Question: Is one allowed to go to Madam Tassaud’s Wax Museum? Is this not a violation of the Torah’s prohibition of graven images?
Synopsis: We first reviewed the Torah’s prohibition as it relates to graven images and the reverence that we accord the reading of the Ten Commandments by standing during their twice-yearly reading. We cited the Chatam Sofer in relation to whether one who wishes to sculpt (for a living) is allowed to do so. He is inclined to permit it in certain specific guidelines. We also discussed the image on the coinage of the time of the patriarch Abraham, where there seems to have been a graven image of Abraham, Sarah, Isaac and Rebecca. We noted that the image was probably only a headshot and, as such, Rosh would permit it.
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Answer: We might ask why a headshot on a coin or in any other form is permitted – is that still not a graven image? The Mishna (Avoda Zara 44b) relates that Pruklus b. Philosofus asked Rabban Gamaliel, who happened to be in the same bathhouse of Aphrodite in Acre (Aphrodite was an adornment of that bathhouse): “It says in your Torah (Deuteronomy 13:18) “And nothing of that that was devoted to destruction, [the graven images] shall remain in your hand.” So how do you bathe in this bathhouse adorned and dedicated to Aphrodite? He responded: “We don’t issue [or even discuss] rulings in a bathhouse [where one is not clothed]. After they left, he responded: I didn’t go into her domain, she came into my domain. They didn’t say let’s make a bathhouse as an adornment for Aphrodite, rather they said let’s make Aphrodite as an adornment for the bathhouse.”
Rashi (to the Mishna ad loc) explains he gave two answers. First, the bathhouse was constructed for all who come to use it – and by what right may Aphrodite come and steal from the public their right to use it? Additionally, they didn’t say, “Let’s make a bathhouse as an adornment for Aphrodite; rather they said, “Let’s make Aphrodite as an adornment for the bathhouse.”
The Mishna continues with yet a further response of Rabban Gamaliel; “If they paid you a nice sum, you would not go before your idolatry when naked and in a state of uncleanness and even urinate before it. This statue stands upon the [sewer] channel and all come and urinate before it. Does it not say “These are their gods that you are to destroy.” [He responded] that which was worshipped as an idol is prohibited [and] that which is not used for purposes of idolatry is permitted.”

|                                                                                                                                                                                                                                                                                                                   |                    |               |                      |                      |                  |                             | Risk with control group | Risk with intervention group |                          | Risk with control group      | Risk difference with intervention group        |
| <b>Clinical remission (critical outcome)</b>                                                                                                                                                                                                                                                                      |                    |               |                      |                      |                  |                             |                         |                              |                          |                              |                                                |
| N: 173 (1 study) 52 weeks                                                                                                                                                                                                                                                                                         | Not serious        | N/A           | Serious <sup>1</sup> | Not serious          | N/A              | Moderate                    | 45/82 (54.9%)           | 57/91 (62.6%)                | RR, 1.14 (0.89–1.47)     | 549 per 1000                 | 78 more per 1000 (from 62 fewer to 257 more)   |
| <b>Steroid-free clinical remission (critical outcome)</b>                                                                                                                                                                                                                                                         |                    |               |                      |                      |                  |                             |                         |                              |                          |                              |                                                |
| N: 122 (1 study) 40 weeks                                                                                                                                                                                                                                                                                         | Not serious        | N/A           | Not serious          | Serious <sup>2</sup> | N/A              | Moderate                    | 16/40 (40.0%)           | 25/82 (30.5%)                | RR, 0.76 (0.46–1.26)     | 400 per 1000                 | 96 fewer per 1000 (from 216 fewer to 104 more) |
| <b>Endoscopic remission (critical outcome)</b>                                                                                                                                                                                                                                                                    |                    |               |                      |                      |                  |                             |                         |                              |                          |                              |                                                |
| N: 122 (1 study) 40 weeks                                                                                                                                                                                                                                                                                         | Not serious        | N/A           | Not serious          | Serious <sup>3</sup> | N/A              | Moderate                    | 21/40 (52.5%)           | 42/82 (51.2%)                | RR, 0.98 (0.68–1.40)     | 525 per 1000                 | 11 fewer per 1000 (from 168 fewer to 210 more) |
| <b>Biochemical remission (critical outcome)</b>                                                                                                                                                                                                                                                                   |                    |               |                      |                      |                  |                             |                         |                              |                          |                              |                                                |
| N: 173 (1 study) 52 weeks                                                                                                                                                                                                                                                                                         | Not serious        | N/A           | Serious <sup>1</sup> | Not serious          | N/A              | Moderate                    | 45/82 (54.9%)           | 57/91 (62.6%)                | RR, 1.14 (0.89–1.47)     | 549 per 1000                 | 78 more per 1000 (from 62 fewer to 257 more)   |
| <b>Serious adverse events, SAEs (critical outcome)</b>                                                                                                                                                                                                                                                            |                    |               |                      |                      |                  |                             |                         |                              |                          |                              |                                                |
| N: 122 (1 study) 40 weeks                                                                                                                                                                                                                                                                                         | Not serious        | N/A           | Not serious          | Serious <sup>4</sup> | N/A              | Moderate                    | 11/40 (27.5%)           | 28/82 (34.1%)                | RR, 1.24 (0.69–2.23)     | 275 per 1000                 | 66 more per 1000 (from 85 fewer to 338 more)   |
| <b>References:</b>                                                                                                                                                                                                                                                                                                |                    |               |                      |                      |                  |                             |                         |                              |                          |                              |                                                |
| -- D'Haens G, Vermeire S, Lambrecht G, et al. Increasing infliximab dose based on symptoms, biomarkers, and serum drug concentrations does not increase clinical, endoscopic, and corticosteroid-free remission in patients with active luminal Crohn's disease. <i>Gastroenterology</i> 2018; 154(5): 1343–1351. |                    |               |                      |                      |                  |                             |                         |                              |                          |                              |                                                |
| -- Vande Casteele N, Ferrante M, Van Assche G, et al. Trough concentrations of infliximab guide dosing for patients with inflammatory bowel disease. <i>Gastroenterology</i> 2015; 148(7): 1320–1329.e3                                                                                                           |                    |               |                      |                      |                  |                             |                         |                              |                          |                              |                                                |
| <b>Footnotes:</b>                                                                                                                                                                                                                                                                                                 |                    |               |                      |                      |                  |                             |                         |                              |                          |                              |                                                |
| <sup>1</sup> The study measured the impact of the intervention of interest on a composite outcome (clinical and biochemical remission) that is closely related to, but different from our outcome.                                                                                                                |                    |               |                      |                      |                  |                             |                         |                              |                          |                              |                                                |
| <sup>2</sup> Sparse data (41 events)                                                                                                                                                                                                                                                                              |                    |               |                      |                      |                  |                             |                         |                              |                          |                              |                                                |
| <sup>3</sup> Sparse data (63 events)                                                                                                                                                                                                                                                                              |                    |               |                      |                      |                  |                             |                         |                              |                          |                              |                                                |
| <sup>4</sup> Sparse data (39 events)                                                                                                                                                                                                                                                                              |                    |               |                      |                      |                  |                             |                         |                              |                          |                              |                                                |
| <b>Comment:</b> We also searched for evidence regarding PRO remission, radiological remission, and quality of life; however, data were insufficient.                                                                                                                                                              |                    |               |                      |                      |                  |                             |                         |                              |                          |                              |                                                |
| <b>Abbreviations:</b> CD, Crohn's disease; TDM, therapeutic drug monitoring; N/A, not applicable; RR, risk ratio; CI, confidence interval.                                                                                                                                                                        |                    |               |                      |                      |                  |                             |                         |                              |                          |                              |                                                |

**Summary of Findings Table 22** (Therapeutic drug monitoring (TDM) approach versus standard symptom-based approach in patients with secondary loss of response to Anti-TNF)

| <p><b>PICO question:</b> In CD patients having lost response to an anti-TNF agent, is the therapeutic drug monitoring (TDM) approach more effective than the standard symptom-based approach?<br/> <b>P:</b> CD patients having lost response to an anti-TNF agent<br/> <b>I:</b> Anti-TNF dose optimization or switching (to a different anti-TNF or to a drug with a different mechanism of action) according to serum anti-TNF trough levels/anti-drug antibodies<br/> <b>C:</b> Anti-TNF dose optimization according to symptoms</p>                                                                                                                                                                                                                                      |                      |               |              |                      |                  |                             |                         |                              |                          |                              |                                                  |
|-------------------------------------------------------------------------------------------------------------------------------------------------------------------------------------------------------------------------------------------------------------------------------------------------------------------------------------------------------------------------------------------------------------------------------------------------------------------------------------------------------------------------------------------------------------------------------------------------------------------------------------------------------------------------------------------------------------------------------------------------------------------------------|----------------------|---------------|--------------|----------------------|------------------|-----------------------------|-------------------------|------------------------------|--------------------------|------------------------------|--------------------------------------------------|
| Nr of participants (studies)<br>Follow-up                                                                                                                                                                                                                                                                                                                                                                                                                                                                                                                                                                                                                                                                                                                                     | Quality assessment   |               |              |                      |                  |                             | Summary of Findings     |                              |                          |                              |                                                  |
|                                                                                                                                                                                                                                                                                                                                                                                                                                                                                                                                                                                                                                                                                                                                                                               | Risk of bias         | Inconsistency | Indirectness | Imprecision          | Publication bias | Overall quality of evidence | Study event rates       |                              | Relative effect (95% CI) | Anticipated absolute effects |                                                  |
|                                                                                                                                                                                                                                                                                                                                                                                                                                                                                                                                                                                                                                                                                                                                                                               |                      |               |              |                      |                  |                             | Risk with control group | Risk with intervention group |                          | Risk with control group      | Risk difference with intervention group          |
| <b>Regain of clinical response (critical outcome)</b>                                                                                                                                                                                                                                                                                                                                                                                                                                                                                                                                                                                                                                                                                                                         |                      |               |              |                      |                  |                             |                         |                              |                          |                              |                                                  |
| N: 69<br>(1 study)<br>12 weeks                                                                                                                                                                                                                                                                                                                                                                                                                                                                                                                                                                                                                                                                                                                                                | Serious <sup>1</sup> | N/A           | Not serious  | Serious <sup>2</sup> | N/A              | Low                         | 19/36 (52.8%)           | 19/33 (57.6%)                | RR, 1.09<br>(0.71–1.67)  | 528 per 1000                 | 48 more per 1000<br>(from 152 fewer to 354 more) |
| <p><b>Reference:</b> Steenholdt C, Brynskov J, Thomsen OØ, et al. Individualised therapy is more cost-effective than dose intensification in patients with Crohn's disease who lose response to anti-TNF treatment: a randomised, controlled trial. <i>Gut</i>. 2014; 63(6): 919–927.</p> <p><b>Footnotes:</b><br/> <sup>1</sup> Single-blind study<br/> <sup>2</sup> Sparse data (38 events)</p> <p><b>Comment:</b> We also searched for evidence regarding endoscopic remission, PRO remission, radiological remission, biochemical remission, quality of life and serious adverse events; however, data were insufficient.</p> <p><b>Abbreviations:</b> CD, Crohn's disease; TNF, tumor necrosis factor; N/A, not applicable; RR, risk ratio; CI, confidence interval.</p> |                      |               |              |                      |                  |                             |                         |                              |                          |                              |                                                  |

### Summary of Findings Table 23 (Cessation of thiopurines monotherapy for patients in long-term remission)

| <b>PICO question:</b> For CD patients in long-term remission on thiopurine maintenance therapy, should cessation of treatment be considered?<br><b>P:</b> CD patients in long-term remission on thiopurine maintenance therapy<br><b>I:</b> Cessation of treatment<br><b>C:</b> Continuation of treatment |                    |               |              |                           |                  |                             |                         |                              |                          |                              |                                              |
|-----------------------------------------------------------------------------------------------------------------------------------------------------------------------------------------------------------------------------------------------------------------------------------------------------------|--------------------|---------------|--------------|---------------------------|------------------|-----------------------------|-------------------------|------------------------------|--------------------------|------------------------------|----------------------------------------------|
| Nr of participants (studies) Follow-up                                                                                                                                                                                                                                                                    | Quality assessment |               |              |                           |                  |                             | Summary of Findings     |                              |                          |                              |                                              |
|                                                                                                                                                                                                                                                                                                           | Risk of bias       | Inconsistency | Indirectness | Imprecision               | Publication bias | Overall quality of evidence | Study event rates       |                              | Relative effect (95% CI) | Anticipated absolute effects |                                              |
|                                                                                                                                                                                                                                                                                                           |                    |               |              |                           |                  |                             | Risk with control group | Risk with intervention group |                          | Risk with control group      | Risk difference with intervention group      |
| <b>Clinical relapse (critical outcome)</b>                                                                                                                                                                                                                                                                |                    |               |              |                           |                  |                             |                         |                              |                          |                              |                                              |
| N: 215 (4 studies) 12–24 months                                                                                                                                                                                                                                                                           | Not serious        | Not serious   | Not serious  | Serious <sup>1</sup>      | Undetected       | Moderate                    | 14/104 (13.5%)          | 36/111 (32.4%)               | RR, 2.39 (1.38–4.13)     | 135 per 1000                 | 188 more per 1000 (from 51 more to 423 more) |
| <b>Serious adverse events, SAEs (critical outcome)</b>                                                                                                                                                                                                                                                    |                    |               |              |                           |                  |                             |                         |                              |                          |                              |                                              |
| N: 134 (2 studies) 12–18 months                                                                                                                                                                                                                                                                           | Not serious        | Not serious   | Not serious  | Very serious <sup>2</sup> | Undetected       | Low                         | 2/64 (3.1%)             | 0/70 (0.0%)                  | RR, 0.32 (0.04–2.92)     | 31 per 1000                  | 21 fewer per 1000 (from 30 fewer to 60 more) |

Interesting is how the Mechaber rules regarding such graven images, even when not found in a bathhouse (Yoreh De’ah 141:1). “All graven images of the idolaters when found in the villages are prohibited, because most probably their purpose is for idolatry; those found in the city are permitted as they surely for the purpose of adornment [only].
However (here he is quoting the Rambam, Hilchot Avoda Zara chap. 7:6), if they are found above the city gate and in its hand is the image of a scepter, a bird, a disc, a sword, a crown or a ring [then they are prohibited, otherwise they are presumed to be for the purpose of adornment and are permitted].
Rema in his glosses (ad loc Y.D. 141:1) states: “Images to which they were found to be bowing have the same rule as those that we know for sure are for the purpose of idol worship and are prohibited, where they were not nullified. However, as to those that are worn around the neck just as a keepsake, are not considered as prohibited images and are permitted.
Thus, what we are dealing with is objects that were either surely served or objects that were not served but might possibly be served. Concerning the latter, there is room for leniency (see Shach Yoreh De’ah 142 sk2).
Now as to coinage the Chida (Birkei Yosef, Yoreh De’ah 141: sk 6,7) rules that we are lenient [even] when they bear a human image that protrudes. Now just imagine if the ruling would be otherwise – how would we deal with our money, as almost every coin bears some sort of human image.
(To be continued)